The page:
In our study, IgD levels were normal in five patients with MVK mutations. These patients had the same clinical presentations than MKD patients with high levels of IgD. The negative predictive value of a normal IgD level with mevalonate kinase deficiency is thus low in our series (58%).

Although this negative predictive value could be particularly low and biased in part by the low number of patients with a normal IgD level and no MVK mutation, we think that in case of clinical suspicion of HIDS a search for MVK mutations could be done whatever the level of serum IgD.

Few cases of HIDS with normal IgD serum levels have been described previously [9, 10].

In our study, these patients were respectively 8-months, 16-months, 2-years, 3-years and 4-years–old. We know that in normal children of <1 year and particularly in neonates, the rate of IgD is lower than in adults [15].

In fact, in the whole population of 144 patients tested for MVK mutations, only 24 have two mutations. Out of 144, 94 have been excluded from the study, as IgD's were not available. This bias, however, restricts the strength of predictive values in our study but does not strongly affect other indices.

Globally, the clinical relevance of the IgD measurement for the diagnosis of HIDS in our population appears poor, as reflected by likelihood ratios which are both close to 1.

The mechanism of the increased value of serum IgD in HIDS is still unexplained.

Simon et al. [16] have shown in a series of 22 Dutch adult patients with MKD that a high IgD level is not a consequence of the inflammatory phenotype, and the serum IgD concentration may vary greatly during life without correlation with clinical symptoms or frequency of attacks. Also, no difference in IgD serum concentrations was found in samples taken during remission or during fever attacks (median 639 UI/ml vs 603 UI/ml) and no correlation between IgD and CRP values.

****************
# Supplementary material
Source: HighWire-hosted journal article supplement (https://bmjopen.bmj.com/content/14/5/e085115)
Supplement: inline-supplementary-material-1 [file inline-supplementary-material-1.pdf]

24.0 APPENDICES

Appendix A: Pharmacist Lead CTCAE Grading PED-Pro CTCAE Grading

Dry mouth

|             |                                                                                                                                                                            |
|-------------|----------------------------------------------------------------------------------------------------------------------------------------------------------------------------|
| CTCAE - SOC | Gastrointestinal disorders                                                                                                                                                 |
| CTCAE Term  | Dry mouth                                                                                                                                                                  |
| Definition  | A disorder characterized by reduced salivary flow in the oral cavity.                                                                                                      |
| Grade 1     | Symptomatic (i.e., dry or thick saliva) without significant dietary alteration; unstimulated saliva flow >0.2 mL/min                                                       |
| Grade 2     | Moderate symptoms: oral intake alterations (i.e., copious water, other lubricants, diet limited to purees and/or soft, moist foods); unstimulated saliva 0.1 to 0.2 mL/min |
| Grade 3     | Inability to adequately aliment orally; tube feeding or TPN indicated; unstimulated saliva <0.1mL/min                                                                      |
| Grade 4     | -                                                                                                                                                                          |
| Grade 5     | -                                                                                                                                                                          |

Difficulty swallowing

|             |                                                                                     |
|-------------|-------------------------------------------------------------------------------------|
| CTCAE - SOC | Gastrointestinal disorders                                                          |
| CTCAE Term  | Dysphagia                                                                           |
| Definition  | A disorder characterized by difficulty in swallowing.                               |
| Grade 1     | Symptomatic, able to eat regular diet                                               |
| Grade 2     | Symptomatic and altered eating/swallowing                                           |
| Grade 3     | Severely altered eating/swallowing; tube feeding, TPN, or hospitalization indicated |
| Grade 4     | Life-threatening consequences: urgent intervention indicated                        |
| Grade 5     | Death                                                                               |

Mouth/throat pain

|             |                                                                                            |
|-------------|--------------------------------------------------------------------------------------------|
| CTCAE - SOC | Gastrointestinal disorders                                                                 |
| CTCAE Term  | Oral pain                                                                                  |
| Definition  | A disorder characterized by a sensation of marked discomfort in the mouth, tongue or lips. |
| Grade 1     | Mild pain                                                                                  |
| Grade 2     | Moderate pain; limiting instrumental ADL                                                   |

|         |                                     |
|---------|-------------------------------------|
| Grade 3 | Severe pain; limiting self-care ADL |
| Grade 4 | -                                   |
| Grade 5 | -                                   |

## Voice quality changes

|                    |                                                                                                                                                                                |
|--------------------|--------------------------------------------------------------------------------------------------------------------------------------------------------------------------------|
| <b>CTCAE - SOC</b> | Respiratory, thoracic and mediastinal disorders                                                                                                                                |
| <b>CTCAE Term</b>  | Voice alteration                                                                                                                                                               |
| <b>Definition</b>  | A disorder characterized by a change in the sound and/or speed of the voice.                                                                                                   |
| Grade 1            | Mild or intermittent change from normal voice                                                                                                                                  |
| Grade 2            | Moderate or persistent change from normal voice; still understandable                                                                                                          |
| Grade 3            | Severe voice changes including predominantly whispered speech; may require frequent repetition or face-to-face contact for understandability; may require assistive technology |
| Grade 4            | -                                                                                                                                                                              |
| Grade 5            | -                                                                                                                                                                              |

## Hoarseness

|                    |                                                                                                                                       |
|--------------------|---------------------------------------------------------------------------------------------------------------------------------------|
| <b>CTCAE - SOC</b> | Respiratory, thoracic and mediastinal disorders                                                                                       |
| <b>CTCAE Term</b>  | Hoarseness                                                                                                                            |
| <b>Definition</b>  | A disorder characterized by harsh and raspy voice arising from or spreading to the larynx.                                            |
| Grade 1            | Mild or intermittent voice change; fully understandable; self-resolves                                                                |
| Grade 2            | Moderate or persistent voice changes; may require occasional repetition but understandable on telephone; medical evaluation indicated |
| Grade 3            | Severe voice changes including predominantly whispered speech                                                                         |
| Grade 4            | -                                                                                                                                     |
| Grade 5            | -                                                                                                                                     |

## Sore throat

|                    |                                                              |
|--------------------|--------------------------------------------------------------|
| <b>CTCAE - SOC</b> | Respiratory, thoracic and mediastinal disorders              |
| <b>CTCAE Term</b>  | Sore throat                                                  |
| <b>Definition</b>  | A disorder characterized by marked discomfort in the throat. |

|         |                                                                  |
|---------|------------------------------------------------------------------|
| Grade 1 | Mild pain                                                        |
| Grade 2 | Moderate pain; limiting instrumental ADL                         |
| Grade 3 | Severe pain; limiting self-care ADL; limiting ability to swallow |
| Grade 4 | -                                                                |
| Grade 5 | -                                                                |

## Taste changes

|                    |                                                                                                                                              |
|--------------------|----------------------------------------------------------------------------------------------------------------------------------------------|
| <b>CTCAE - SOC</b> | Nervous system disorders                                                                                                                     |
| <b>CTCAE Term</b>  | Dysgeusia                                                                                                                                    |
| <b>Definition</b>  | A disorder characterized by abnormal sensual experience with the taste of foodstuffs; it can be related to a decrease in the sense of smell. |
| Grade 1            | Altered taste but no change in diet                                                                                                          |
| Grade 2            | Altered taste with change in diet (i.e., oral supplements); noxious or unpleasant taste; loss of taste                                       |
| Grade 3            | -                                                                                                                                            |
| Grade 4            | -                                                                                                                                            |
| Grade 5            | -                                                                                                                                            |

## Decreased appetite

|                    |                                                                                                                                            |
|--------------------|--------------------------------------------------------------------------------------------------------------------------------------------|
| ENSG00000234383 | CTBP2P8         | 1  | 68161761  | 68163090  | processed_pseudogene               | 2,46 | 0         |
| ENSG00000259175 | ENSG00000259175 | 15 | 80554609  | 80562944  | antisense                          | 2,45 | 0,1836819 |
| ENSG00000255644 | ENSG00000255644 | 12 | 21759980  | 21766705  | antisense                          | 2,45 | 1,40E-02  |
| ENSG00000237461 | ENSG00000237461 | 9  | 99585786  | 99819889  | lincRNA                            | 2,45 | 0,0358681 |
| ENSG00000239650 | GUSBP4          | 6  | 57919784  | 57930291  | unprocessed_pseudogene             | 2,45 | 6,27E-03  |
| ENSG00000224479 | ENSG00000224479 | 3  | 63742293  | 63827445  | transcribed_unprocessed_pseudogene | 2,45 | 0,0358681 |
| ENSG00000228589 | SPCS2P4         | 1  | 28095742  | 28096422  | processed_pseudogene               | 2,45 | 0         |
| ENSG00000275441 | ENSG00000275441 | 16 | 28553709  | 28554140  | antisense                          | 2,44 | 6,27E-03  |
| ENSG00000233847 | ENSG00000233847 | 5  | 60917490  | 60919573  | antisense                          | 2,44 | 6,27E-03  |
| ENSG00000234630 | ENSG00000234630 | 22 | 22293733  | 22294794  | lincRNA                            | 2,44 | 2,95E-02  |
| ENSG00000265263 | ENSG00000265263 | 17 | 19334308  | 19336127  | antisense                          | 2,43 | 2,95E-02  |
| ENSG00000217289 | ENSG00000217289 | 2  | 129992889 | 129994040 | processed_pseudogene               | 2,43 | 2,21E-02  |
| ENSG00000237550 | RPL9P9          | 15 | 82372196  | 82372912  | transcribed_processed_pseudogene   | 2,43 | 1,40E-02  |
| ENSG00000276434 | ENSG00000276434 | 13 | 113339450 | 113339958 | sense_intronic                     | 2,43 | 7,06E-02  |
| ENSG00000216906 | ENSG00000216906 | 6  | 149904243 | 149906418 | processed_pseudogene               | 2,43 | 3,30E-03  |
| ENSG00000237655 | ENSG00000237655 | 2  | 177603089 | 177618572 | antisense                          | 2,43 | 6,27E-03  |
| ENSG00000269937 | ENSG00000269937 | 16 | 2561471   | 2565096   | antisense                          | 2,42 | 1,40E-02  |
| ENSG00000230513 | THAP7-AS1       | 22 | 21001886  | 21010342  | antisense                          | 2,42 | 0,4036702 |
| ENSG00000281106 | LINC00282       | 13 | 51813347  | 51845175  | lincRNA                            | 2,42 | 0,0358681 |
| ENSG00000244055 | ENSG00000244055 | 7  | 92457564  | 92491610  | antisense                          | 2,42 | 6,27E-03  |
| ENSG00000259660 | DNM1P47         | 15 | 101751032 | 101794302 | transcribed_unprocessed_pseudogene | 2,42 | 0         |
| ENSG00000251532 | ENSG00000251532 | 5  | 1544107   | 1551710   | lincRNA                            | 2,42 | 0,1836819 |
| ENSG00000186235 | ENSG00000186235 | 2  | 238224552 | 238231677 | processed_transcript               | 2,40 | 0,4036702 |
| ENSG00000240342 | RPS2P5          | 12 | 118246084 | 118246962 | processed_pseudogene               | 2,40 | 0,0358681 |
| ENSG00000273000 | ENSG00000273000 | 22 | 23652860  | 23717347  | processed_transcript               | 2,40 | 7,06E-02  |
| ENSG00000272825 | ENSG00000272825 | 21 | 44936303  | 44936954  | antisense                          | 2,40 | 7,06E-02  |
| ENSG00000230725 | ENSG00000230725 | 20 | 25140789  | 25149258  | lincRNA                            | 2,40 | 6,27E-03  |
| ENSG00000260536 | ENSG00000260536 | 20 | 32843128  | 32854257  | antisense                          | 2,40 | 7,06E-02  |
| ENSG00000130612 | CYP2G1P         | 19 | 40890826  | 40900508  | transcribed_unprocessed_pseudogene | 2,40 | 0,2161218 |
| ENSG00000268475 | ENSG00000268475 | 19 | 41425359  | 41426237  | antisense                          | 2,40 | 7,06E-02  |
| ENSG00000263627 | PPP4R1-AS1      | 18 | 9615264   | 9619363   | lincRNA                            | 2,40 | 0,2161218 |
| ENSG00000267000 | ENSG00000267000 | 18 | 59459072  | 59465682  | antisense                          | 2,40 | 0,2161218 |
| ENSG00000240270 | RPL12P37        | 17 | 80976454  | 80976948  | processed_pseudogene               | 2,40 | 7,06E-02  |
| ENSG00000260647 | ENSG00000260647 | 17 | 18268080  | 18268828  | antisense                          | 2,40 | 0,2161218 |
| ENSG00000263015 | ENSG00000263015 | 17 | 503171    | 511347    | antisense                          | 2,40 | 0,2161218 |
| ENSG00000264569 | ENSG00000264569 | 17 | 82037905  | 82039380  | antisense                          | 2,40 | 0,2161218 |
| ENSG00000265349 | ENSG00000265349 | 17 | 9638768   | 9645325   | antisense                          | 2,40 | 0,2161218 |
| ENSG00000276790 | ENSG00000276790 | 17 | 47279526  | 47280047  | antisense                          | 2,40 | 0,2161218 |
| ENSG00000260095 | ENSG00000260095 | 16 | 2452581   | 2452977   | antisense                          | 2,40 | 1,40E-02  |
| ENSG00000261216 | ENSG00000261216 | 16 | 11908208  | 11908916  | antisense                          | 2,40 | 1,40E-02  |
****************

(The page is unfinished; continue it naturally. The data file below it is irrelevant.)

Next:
Taken together, these two studies lead to the conclusion that the high IgD level is an epiphenomenon rather than to consider it as a central to the pathogenesis of HIDS. This point is coherent with the observation that an elevated serum IgD is not a specific marker for HIDS as it has been previously reported.

Also, high levels of serum IgD were reported to be increased in other hereditary auto-inflammatory syndrome (FMF, TRAPS), malignancies and infectious diseases [17–20]. In the 19 patients of our cohort with high level of IgD without MVK mutations, four patients had a final diagnosis of TRAPS including two patients in the same family. In these four patients, the diagnosis of TRAPS could have been considered first because of the nature of clinical symptoms and of the pedigree suggesting a dominant mode of inheritance. This emphasizes the relevance of clinical data to distinguish between TRAPS and HIDS. Despite a follow-up of 2–6 years, no diagnosis was done in these 14 cases for which the actual diagnosis remains thus to be established. All these 14 cases appear as sporadic, without a family history, but this cannot eliminate completely a possible genetic cause. It should be kept in mind that among auto-inflammatory syndromes, the CINCA phenotype had been considered for a long time as a sporadic disease, until a dominant mode of inheritance could be observed in some pedigrees [21].

However, a number of these patients could be also phenocopies of MKD. Further studies are needed to decipher the mechanisms and aetiology of the diseases in this group of patients with unexplained recurrent fever syndromes.

We would like to propose to use the term of MKD for patients who have a biochemical deficiency of mevalonate kinase and mutations in the MK gene, whatever their level of serum IgD. In fact, it looks uneasy, from a semantic viewpoint, to name ‘HIDS’ patients with normal IgD level and a MK deficiency. The term HIDS which contains the word syndrome and thus does not define a disease could be still used for the group of patients who have a recurrent fever syndrome and an elevated IgD concentration.

graphic

Acknowledgements

Urinary mevalonic acid analysis was performed by Christine Vianet-Saban and Daniel Rabier.This work was supported by a grant from PHRC AOM97201 and by a grant from the GIS Maladies Rares.

The authors have declared no conflicts of interest.